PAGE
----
Back at it with that BTS news here on the blog and today we are going to be discussing an incredible milestone that the Korean group actually only achieved today, a few hours ago as of writing. Their song “Dynamite”- their very first track entirely in English released during the height of the pandemic in summer of 2020- has managed to cross the one billion streams mark on the streaming platform Spotify. There are only around 160 songs overall that have managed to achieve that insane amount of streams on the platform and BTS can now officially say that they are part of this elite club.
This achievement is a significant moment for the band and their career for many reasons. The first is that it is the first of any of their songs to do so. Seeing as they have a discography of over 230 songs, that is pretty impressive. It was only a matter of time before one of their songs crossed the one billion line as they have a few with several hundred million streams such as “Boy with Luv feat Halsey”, “Life Goes On” and “Butter” (which was only released in May 2021 but already has over two hundred million streams). With all of the shattered records, awards and nominations- including a Grammy- associated with “Dynamite”, it makes sense that this song is the one to take the crown. They have plenty of other songs on Spotify that are worthy of becoming part of the one billion club so make sure you go and stream to support the group! I love “Butter” and “Permission to Dance”- their other two English titles- but I personally think that “Spring Day”- in their native Korean- is their absolute best track that truly deserves a solid billion streams. Make it happen, y’all.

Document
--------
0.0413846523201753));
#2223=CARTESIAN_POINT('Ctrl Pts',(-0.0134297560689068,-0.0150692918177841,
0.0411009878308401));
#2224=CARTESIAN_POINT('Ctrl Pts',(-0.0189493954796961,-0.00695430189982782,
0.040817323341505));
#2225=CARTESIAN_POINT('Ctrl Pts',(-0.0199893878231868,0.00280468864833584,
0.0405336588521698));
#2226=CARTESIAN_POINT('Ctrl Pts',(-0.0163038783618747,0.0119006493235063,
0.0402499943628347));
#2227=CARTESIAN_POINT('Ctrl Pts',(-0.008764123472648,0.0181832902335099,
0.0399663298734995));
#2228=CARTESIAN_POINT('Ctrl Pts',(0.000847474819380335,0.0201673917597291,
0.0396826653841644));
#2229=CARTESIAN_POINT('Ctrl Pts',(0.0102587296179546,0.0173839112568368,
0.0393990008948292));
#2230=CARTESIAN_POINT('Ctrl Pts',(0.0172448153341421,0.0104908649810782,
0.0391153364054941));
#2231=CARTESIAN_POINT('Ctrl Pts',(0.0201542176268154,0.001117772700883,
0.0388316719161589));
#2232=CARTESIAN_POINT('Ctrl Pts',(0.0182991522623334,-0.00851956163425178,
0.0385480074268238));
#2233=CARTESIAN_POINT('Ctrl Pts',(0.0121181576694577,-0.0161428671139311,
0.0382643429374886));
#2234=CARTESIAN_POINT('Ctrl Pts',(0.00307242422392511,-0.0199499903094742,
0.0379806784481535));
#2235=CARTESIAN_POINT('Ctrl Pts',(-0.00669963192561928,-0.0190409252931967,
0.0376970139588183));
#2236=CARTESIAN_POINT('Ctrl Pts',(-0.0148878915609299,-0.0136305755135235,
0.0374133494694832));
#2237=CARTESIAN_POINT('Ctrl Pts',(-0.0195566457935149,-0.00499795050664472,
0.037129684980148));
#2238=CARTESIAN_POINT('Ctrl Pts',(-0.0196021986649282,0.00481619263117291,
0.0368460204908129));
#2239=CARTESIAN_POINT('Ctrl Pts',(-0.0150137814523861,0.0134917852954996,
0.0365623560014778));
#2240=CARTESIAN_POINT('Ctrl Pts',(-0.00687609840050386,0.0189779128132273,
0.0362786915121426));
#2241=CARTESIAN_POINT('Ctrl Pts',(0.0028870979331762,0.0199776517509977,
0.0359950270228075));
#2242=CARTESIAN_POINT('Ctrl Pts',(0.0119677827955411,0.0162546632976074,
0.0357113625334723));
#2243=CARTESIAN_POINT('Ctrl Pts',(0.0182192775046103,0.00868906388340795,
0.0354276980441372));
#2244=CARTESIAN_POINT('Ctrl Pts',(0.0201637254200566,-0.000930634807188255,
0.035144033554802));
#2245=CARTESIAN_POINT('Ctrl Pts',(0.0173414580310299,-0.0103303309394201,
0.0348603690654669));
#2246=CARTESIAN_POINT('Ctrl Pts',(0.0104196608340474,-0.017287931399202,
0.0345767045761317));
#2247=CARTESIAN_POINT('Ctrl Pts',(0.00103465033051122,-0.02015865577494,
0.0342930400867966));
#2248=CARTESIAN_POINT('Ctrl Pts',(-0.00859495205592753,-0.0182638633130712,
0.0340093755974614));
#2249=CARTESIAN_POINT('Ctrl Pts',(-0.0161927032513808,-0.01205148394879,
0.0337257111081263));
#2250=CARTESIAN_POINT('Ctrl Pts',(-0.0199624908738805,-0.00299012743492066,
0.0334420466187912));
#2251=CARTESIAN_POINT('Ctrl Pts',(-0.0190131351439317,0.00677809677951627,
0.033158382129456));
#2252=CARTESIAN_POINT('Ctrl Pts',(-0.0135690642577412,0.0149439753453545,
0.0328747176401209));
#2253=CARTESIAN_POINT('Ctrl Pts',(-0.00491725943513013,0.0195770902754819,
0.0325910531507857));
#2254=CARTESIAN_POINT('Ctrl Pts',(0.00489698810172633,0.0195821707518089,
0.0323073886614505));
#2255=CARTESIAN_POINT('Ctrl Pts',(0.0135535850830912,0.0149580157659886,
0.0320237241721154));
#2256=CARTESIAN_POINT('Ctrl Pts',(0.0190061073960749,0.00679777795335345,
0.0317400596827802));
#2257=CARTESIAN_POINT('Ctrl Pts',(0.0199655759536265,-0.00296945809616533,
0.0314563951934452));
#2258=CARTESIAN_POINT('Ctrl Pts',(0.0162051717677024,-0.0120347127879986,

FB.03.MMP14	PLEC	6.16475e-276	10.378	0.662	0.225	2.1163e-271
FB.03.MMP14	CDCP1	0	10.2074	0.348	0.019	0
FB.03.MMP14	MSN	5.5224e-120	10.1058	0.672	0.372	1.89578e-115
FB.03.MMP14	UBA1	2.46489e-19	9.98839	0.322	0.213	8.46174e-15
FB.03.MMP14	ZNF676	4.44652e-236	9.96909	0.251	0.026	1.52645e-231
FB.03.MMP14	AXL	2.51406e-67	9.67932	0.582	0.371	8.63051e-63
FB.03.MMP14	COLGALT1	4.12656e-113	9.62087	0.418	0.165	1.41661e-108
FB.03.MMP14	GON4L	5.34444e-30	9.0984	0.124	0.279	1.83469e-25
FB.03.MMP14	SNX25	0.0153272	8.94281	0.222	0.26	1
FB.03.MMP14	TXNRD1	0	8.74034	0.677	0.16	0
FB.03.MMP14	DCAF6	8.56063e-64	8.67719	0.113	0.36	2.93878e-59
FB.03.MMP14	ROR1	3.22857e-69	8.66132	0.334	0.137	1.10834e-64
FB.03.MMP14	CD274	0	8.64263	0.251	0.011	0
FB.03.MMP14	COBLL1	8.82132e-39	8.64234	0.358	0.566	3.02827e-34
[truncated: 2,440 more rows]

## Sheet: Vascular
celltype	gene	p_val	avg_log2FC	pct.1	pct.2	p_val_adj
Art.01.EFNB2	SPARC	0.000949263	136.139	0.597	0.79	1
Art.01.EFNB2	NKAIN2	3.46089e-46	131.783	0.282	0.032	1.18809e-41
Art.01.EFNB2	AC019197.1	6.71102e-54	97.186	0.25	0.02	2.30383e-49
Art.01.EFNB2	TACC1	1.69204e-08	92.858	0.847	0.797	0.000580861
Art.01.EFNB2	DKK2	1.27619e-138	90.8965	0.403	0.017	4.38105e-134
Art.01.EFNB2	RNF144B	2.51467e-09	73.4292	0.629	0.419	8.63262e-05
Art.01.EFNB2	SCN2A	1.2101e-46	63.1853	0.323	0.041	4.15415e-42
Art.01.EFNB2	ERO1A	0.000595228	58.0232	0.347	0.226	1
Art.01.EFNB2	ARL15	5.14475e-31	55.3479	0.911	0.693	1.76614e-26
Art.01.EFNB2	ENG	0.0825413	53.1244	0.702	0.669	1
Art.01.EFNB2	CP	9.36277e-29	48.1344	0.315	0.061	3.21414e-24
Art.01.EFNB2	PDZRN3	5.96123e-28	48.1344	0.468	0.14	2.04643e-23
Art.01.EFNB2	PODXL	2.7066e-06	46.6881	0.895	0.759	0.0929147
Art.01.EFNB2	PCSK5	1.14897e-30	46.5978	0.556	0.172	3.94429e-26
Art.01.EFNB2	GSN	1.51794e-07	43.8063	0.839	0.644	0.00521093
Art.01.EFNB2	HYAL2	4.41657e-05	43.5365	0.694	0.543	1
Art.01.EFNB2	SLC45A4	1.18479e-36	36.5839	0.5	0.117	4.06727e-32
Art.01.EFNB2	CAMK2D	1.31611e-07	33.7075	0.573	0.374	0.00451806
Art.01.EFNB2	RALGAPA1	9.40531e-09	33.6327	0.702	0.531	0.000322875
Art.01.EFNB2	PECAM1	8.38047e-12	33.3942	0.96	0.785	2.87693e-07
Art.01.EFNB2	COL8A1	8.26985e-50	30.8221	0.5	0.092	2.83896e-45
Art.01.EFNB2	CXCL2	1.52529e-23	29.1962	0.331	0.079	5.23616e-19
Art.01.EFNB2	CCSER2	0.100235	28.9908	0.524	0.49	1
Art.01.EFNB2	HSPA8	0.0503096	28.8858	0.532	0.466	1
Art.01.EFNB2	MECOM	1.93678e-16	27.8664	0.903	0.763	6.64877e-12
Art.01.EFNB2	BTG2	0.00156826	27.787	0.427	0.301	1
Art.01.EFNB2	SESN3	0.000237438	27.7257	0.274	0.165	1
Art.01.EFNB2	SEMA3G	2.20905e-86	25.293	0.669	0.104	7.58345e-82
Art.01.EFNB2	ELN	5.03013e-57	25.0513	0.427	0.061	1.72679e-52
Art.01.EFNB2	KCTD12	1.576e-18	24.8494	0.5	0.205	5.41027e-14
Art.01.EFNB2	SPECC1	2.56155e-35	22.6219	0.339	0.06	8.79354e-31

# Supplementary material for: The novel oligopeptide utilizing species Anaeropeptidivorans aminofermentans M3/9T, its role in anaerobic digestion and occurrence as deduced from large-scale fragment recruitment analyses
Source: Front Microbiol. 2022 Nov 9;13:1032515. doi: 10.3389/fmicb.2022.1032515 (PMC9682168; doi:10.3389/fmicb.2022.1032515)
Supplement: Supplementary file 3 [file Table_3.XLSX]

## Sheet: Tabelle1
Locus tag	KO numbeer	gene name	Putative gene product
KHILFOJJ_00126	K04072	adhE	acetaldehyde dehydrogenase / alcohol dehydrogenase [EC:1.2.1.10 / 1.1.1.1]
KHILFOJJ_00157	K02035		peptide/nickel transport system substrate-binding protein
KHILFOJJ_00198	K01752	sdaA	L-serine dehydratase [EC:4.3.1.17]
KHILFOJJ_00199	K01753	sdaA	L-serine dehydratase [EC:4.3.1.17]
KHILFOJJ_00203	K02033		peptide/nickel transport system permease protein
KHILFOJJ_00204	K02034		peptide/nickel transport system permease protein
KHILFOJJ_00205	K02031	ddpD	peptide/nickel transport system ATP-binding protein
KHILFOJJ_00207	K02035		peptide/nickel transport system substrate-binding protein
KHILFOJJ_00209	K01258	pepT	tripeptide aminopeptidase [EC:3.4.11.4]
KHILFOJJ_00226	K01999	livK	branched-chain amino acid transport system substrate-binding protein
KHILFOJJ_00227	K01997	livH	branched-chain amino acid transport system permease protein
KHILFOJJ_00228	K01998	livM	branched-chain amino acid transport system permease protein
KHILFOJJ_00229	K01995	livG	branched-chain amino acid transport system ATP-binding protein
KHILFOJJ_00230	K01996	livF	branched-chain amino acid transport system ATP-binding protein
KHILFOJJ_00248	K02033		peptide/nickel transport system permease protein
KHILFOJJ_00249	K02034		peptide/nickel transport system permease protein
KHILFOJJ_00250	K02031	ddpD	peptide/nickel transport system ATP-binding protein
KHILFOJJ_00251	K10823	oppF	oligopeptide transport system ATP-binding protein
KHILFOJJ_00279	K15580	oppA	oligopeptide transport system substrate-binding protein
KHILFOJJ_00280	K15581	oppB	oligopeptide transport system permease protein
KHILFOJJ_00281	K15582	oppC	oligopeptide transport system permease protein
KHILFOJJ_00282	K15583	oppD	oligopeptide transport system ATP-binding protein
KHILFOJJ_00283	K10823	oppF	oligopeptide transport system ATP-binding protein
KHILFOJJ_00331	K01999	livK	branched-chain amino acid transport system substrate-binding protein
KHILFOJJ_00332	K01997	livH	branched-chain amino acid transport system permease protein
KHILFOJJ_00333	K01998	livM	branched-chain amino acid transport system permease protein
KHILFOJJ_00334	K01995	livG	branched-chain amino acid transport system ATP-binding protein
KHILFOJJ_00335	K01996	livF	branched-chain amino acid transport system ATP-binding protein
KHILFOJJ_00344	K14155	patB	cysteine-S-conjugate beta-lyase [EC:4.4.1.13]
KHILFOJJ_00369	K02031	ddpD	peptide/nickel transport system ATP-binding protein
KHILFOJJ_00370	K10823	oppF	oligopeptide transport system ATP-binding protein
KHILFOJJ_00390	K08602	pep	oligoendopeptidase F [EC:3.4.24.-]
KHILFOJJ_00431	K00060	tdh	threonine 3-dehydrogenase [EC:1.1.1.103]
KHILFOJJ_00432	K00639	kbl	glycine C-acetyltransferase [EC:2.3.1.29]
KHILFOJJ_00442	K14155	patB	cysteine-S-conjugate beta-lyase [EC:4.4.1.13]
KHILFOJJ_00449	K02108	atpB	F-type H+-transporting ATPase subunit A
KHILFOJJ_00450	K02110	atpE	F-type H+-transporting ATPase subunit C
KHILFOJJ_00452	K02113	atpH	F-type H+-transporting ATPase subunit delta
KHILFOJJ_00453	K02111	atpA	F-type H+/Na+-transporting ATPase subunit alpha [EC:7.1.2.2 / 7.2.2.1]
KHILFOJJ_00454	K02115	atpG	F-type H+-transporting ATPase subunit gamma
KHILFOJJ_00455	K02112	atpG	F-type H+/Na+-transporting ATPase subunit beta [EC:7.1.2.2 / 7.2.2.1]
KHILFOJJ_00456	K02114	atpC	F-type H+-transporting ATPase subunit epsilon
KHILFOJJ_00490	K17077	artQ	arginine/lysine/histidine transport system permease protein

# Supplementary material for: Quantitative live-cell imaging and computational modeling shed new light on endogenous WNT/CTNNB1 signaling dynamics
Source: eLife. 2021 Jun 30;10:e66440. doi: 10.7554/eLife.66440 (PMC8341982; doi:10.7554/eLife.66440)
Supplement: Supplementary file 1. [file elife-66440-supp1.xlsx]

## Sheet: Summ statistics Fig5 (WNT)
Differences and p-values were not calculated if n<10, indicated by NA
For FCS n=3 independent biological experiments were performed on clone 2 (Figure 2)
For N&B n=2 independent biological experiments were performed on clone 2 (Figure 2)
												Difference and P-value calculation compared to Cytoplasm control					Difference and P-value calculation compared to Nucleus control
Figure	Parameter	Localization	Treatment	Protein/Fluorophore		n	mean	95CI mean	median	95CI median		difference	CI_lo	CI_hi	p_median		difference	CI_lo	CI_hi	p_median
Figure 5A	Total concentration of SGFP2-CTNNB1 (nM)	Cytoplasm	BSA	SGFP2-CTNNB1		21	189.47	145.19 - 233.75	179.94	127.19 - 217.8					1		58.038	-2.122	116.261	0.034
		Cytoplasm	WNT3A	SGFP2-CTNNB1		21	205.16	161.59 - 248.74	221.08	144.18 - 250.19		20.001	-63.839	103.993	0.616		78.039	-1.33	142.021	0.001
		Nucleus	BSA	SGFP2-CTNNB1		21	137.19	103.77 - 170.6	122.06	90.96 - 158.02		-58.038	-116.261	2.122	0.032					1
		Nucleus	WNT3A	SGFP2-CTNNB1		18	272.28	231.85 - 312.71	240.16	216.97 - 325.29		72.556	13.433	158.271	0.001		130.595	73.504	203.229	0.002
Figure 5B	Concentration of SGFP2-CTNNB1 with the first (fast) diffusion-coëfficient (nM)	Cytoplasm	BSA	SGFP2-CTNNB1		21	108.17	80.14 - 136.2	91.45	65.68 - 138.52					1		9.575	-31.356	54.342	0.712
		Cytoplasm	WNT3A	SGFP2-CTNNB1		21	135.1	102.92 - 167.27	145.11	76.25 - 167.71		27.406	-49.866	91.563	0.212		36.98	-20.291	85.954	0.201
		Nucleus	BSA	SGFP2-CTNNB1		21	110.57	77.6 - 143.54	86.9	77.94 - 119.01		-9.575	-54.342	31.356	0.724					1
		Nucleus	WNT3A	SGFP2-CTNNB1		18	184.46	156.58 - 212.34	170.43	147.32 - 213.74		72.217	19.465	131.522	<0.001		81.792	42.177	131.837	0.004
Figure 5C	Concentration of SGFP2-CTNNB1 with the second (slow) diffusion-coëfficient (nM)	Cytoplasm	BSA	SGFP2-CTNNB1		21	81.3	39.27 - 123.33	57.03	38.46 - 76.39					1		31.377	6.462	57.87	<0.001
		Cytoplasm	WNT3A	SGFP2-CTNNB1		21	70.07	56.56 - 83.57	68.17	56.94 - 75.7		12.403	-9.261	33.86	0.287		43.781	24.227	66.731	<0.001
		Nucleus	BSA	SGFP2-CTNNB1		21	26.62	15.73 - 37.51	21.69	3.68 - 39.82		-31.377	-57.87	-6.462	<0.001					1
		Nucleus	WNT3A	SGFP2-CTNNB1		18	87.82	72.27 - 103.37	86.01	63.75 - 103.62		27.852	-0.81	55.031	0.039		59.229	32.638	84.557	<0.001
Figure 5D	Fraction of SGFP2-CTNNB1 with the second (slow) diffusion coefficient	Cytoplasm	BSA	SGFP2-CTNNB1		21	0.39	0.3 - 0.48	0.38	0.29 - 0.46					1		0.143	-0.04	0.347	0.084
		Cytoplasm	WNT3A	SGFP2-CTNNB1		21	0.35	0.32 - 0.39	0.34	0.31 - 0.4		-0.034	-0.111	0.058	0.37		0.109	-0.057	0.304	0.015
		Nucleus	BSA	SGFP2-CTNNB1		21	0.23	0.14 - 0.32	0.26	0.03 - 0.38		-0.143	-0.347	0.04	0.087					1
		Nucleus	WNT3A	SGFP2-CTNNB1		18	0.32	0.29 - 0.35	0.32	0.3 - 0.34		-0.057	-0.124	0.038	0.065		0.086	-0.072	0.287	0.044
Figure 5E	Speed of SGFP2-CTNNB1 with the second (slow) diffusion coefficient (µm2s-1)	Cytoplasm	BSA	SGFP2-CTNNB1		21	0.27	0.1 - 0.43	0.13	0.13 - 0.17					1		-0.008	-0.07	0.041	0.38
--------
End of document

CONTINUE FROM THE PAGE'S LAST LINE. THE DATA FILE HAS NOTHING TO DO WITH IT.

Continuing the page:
This is also a monumental achievement for the group as they are now the very first Korean act to become part of the one billion streams club. The cultural significance of their impact on the western music industry cannot be understated. They are playing a huge part when it comes to diversifying the music business across the world, bringing attention to Korean music but also Korean culture too. I know I wouldn’t have learnt as much as I have about Korea and its rich and vast culture if it wasn’t for BTS (they acted as a gateway for me when it came to my personal interest in Korea). They are a huge credit to their country but also to music in general and the entertainment industry, shattering glass ceilings left, right and centre. But the achievements don’t stop there when it comes to “Dynamite” crossing the one billion streams threshold. The song now ranks number seventeen in the list of fastest songs to reach one billion streams on Spotify. This is impressive enough as it is but this achievement also means that “Dynamite” is now the fastest song from an Asian act to break the one billion barrier. Not enough for you? Well “Dynamite” has also become one of only four songs (the others being Ed Sheeran’s “Shape of You”, Camilla Cabello’s “Havana” and Billie Eilish’s “Bad Guy”) to have gained over a billion streams on four separate music platforms: YouTube, Spotify and the Gaon Digital Chart (the Korean music charts).